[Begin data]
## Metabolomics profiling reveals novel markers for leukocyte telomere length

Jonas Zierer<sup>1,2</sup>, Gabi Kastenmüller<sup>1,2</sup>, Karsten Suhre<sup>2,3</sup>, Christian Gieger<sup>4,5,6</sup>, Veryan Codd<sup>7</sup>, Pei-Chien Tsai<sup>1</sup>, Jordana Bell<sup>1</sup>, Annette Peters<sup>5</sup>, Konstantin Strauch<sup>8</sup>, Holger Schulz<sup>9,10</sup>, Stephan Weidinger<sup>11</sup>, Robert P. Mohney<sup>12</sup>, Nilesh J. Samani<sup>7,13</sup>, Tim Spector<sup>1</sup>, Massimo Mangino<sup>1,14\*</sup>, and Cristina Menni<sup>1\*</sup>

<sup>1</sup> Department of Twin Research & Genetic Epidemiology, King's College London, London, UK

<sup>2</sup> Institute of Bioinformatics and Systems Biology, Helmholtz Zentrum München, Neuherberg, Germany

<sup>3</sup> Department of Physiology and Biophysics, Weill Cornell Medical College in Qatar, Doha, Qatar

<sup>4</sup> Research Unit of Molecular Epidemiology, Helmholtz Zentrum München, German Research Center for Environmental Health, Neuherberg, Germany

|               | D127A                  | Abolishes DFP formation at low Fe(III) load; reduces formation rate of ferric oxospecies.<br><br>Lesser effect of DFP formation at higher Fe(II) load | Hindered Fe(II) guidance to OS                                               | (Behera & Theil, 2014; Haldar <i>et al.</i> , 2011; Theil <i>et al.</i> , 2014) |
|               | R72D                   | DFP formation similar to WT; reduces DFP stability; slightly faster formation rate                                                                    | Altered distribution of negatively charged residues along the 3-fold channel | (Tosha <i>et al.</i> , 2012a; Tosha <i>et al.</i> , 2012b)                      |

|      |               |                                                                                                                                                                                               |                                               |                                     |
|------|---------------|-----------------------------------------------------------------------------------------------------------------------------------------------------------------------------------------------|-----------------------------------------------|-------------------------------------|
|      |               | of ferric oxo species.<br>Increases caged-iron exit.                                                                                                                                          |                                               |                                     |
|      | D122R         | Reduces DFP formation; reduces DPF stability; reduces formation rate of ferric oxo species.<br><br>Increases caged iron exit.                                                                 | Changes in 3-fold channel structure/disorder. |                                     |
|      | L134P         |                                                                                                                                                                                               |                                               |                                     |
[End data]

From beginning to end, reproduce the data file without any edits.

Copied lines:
## Metabolomics profiling reveals novel markers for leukocyte telomere length

Jonas Zierer<sup>1,2</sup>, Gabi Kastenmüller<sup>1,2</sup>, Karsten Suhre<sup>2,3</sup>, Christian Gieger<sup>4,5,6</sup>, Veryan Codd<sup>7</sup>, Pei-Chien Tsai<sup>1</sup>, Jordana Bell<sup>1</sup>, Annette Peters<sup>5</sup>, Konstantin Strauch<sup>8</sup>, Holger Schulz<sup>9,10</sup>, Stephan Weidinger<sup>11</sup>, Robert P. Mohney<sup>12</sup>, Nilesh J. Samani<sup>7,13</sup>, Tim Spector<sup>1</sup>, Massimo Mangino<sup>1,14\*</sup>, and Cristina Menni<sup>1\*</sup>

<sup>1</sup> Department of Twin Research & Genetic Epidemiology, King's College London, London, UK

<sup>2</sup> Institute of Bioinformatics and Systems Biology, Helmholtz Zentrum München, Neuherberg, Germany

<sup>3</sup> Department of Physiology and Biophysics, Weill Cornell Medical College in Qatar, Doha, Qatar

<sup>4</sup> Research Unit of Molecular Epidemiology, Helmholtz Zentrum München, German Research Center for Environmental Health, Neuherberg, Germany

|               | D127A                  | Abolishes DFP formation at low Fe(III) load; reduces formation rate of ferric oxospecies.<br><br>Lesser effect of DFP formation at higher Fe(II) load | Hindered Fe(II) guidance to OS                                               | (Behera & Theil, 2014; Haldar <i>et al.</i> , 2011; Theil <i>et al.</i> , 2014) |
|               | R72D                   | DFP formation similar to WT; reduces DFP stability; slightly faster formation rate                                                                    | Altered distribution of negatively charged residues along the 3-fold channel | (Tosha <i>et al.</i> , 2012a; Tosha <i>et al.</i> , 2012b)                      |

|      |               |                                                                                                                                                                                               |                                               |                                     |
|------|---------------|-----------------------------------------------------------------------------------------------------------------------------------------------------------------------------------------------|-----------------------------------------------|-------------------------------------|
|      |               | of ferric oxo species.<br>Increases caged-iron exit.                                                                                                                                          |                                               |                                     |
|      | D122R         | Reduces DFP formation; reduces DPF stability; reduces formation rate of ferric oxo species.<br><br>Increases caged iron exit.                                                                 | Changes in 3-fold channel structure/disorder. |                                     |
|      | L134P         |                                                                                                                                                                                               |                                               |                                     |